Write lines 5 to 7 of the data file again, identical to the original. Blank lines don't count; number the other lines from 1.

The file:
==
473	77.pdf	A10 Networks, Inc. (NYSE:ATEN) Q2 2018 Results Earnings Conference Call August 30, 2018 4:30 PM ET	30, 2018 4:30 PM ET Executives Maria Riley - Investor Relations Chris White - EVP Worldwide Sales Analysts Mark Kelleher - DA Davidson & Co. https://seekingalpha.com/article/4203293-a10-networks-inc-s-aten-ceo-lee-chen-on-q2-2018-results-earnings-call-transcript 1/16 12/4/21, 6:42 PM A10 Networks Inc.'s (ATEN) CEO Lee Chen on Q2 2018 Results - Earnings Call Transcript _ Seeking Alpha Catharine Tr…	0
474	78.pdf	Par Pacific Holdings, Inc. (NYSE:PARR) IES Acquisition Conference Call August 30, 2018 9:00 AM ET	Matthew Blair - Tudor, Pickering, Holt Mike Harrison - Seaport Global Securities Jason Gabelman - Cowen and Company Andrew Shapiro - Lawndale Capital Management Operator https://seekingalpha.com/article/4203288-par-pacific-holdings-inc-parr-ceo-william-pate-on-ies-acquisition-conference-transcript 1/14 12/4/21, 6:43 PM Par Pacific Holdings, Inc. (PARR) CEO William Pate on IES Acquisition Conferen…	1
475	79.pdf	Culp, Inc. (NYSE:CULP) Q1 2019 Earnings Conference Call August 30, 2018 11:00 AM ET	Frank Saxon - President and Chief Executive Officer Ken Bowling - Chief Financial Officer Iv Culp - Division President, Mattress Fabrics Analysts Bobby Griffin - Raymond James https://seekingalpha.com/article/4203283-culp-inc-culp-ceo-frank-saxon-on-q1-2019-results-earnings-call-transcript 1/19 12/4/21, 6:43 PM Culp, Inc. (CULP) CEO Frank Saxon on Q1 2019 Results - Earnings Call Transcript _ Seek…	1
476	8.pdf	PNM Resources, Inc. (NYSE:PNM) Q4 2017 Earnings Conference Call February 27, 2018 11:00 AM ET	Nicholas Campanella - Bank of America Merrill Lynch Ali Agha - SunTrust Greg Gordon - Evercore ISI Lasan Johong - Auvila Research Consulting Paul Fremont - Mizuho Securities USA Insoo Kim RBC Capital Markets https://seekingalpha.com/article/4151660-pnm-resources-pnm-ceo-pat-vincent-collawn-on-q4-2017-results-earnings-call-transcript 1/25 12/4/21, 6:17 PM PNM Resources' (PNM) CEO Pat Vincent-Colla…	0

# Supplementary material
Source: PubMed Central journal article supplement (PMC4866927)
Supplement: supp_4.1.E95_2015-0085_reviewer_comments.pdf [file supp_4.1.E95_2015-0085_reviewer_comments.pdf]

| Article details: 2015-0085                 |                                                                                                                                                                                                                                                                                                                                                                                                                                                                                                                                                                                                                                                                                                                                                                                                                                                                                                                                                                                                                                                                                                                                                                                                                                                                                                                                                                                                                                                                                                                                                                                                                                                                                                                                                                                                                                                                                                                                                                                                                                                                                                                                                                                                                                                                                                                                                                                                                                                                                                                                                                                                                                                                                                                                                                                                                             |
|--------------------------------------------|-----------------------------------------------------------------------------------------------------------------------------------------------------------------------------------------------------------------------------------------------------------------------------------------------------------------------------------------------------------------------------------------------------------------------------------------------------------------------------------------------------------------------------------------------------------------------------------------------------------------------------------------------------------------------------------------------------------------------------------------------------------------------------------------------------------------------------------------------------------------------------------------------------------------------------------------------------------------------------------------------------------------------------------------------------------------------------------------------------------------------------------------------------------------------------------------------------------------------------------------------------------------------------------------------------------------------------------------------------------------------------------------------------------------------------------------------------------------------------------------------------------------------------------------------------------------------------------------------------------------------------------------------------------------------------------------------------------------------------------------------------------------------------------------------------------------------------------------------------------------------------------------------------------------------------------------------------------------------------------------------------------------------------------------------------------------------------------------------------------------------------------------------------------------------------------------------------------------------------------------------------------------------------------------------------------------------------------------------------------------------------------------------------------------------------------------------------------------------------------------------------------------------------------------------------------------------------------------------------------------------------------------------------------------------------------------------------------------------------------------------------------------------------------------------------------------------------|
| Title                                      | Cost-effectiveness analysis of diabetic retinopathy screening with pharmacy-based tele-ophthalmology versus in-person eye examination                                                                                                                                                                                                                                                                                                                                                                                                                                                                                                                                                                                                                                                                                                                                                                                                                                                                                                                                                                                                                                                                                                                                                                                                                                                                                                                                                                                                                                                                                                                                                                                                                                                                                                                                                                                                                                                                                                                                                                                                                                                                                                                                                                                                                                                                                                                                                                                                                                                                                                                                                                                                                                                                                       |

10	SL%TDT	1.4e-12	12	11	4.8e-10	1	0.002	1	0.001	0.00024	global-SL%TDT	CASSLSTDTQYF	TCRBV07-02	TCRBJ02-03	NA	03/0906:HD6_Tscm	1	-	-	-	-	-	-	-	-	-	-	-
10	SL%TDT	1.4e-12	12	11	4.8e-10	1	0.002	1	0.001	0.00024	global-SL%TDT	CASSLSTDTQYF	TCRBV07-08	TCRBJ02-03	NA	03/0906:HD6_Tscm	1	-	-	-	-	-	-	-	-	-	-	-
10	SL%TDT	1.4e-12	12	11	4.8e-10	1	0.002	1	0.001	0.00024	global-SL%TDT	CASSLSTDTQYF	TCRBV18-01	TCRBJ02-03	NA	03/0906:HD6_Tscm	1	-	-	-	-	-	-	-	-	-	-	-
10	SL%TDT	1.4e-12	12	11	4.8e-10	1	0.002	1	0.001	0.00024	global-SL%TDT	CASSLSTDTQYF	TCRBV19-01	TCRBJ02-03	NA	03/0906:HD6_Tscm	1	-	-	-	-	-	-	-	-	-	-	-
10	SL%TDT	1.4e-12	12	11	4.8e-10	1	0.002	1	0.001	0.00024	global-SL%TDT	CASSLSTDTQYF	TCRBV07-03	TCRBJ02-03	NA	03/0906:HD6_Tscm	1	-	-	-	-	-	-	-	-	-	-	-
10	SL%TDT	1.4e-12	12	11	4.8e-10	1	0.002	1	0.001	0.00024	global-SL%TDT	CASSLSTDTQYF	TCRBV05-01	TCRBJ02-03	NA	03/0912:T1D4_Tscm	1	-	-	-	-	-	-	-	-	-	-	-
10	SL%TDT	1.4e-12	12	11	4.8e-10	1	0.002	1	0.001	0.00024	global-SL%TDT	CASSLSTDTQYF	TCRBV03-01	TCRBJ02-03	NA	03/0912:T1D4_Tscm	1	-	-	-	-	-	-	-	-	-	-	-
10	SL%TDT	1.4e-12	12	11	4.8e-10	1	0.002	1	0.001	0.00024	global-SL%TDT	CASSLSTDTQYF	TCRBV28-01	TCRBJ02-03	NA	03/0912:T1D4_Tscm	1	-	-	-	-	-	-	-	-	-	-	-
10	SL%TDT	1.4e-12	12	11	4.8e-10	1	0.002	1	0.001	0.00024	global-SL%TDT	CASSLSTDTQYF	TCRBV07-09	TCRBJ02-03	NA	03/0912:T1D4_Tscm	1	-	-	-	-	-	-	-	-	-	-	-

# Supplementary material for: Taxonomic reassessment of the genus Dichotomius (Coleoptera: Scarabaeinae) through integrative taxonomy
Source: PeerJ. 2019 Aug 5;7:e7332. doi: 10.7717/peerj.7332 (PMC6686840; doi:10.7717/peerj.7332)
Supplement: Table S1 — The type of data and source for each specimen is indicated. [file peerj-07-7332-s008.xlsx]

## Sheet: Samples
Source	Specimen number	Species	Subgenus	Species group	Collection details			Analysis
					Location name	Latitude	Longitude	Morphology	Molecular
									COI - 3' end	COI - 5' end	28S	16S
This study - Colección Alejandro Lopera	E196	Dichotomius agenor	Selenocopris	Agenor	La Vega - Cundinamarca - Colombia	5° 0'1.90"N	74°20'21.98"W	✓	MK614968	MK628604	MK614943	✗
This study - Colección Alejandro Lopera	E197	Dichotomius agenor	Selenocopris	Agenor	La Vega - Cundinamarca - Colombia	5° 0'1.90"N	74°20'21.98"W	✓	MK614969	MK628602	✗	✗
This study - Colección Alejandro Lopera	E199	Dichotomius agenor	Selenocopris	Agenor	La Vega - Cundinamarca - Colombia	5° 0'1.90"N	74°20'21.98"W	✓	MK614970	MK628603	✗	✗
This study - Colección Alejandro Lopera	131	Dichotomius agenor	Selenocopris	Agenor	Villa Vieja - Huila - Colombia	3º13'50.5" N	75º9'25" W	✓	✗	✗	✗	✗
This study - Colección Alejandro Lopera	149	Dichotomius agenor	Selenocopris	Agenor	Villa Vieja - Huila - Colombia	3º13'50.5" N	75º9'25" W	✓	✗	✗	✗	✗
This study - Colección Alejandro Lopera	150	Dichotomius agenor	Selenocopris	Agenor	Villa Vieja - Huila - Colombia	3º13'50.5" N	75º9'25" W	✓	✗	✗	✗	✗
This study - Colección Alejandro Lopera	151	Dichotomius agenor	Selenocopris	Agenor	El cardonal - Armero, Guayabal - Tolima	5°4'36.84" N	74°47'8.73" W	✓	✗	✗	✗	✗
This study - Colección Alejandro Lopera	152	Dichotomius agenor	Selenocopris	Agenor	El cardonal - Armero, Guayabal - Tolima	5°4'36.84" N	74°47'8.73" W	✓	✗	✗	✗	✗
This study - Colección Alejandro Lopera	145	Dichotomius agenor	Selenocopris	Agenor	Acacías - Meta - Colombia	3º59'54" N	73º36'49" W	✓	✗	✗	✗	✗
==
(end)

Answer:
# Supplementary material
Source: PubMed Central journal article supplement (PMC4866927)
Supplement: supp_4.1.E95_2015-0085_reviewer_comments.pdf [file supp_4.1.E95_2015-0085_reviewer_comments.pdf]